The communication infrastructure works if the nodes are able to autonomously ensure connectivity, addressing and data routing. Thus, the role of the routing protocol becomes crucial to assure features such as adaptability, robustness, scalability and self-organizing capacity; to this purpose we used as routing protocol the PH-Protocol (Pheromone Protocol) [10]. The protocol is based on two different processes. The signalling process is responsible for the creation of a pheromone gradient towards the sink nodes. Each node estimates its pheromone level by perceiving the environment and by checking its internal state. Also, each node broadcasts its pheromone level to the neighbors using a signalling packet. Finally, each node creates and updates its routing table storing the pheromone level related to its neighbors. Sink nodes are the targets of all data packets in the network and they have the max pheromone level. In fact, the sink nodes broadcast the maximum level of pheromone to their neighbors. When a node receives the signalling packet, it updates its routing table by storing the pheromone of the neighbors. Periodically, each node performs the pheromone evaporation to decrease the pheromone level of its neighbors and updates its routing tables. The update of the pheromone level may occur also if a change on the internal state of the node is detected. In this way the pheromone gradient is created in the whole network. The evaporation mechanism is necessary to avoid that the pheromone level increases indefinitely and the system does not reach the steady state. The main task of the routing process is delivering data packets towards the sink. The rule is straightforward: each node selects the next hop, among its neighbors, according the pheromone level stored in its routing table. In particular, each node forwards data packets to the hop with the highest pheromone level. In brief, data flow reaches the sink following the pheromone gradient in the network. Further details on the Pheromone Protocol and its performance can be found in [10,11,12,13].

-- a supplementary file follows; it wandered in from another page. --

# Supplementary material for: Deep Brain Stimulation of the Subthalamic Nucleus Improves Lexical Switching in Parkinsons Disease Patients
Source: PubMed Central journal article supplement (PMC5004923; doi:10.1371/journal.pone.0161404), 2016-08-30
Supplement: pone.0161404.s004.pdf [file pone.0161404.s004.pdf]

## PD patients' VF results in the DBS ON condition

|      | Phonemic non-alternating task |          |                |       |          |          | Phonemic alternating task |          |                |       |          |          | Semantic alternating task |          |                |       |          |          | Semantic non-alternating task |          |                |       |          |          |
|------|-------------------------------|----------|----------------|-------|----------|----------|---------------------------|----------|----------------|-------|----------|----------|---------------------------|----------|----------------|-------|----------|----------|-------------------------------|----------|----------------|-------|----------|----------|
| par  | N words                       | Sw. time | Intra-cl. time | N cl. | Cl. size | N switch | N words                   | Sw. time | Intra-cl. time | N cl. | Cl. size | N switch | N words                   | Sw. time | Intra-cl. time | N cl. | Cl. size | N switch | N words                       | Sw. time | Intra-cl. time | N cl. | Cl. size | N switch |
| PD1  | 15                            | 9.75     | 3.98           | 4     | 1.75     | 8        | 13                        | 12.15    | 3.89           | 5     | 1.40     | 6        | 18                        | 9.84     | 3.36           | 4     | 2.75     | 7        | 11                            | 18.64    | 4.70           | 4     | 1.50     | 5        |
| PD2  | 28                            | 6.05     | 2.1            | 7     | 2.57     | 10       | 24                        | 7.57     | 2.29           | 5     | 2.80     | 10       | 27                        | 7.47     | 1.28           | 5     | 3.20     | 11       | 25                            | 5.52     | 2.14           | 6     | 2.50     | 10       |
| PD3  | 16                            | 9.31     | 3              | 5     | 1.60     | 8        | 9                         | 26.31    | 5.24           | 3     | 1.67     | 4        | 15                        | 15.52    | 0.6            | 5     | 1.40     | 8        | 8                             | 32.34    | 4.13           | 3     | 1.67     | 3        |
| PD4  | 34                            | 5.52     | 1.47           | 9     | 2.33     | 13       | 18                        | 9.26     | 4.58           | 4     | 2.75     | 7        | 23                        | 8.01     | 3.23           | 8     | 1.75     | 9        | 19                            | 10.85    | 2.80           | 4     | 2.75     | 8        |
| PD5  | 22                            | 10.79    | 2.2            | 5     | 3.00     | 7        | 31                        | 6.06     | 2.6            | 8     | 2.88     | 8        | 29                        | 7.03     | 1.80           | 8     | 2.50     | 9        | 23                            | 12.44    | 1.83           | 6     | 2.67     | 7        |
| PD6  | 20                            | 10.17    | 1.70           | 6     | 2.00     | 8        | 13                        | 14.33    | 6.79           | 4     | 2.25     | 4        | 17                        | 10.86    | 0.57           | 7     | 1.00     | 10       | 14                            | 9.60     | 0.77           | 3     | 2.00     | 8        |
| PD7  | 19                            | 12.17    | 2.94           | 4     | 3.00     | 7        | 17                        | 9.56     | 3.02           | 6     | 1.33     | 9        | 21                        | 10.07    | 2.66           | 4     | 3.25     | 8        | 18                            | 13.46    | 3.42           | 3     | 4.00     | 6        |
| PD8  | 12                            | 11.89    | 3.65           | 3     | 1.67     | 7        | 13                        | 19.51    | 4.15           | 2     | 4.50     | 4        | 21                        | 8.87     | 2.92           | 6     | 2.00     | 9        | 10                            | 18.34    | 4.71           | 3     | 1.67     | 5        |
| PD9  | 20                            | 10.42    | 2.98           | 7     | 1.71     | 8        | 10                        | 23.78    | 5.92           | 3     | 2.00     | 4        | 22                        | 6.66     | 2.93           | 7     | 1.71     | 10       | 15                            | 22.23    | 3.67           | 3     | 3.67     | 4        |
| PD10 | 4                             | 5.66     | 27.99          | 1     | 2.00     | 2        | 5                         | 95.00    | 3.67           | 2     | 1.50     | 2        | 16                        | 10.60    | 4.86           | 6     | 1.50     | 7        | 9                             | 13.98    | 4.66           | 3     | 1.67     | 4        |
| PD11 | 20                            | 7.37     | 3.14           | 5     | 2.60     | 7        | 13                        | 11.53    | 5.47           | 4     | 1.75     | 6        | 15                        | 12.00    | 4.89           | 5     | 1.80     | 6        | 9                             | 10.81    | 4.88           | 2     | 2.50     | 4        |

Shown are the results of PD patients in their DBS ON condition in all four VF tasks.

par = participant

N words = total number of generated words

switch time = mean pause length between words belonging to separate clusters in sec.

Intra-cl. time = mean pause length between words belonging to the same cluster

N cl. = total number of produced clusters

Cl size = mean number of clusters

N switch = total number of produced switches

The middleware layer is a software layer interposed between the technological layer and the application layer with the purpose to interface the software application with the physical devices. It process the data and sends them to the application layer.

Data processing is an heavy problem, certainly different from the data monitoring but by no means secondary. In general, to monitor a particular area we have many devices, also with different technologies, and the central system has to process a huge amount of data from different devices and, sometimes, from different networks. In brief, there is an integration problem between physical and application layer. In these cases, it is necessary to devote particular care to successfully ensure data interchange and technology integration [14] with the use of an appropriate middleware.

However, the matter is not primarily limited to technological integration. In fact, the availability of a powerful and reliable integration mechanism is crucial for the management of big amount of information received by the devices, to clean the data affected by errors and to filter them according to precise rules. Last but not least, the middleware becomes essential to make data available (dispatching) to the software applications in a simple and reliable way by favoring the integration towards the upper level [15,16,17]. The middleware layer must assure flexibility and scalability, and must support the processes of integration by reducing costs and improving the effectiveness of the business processes.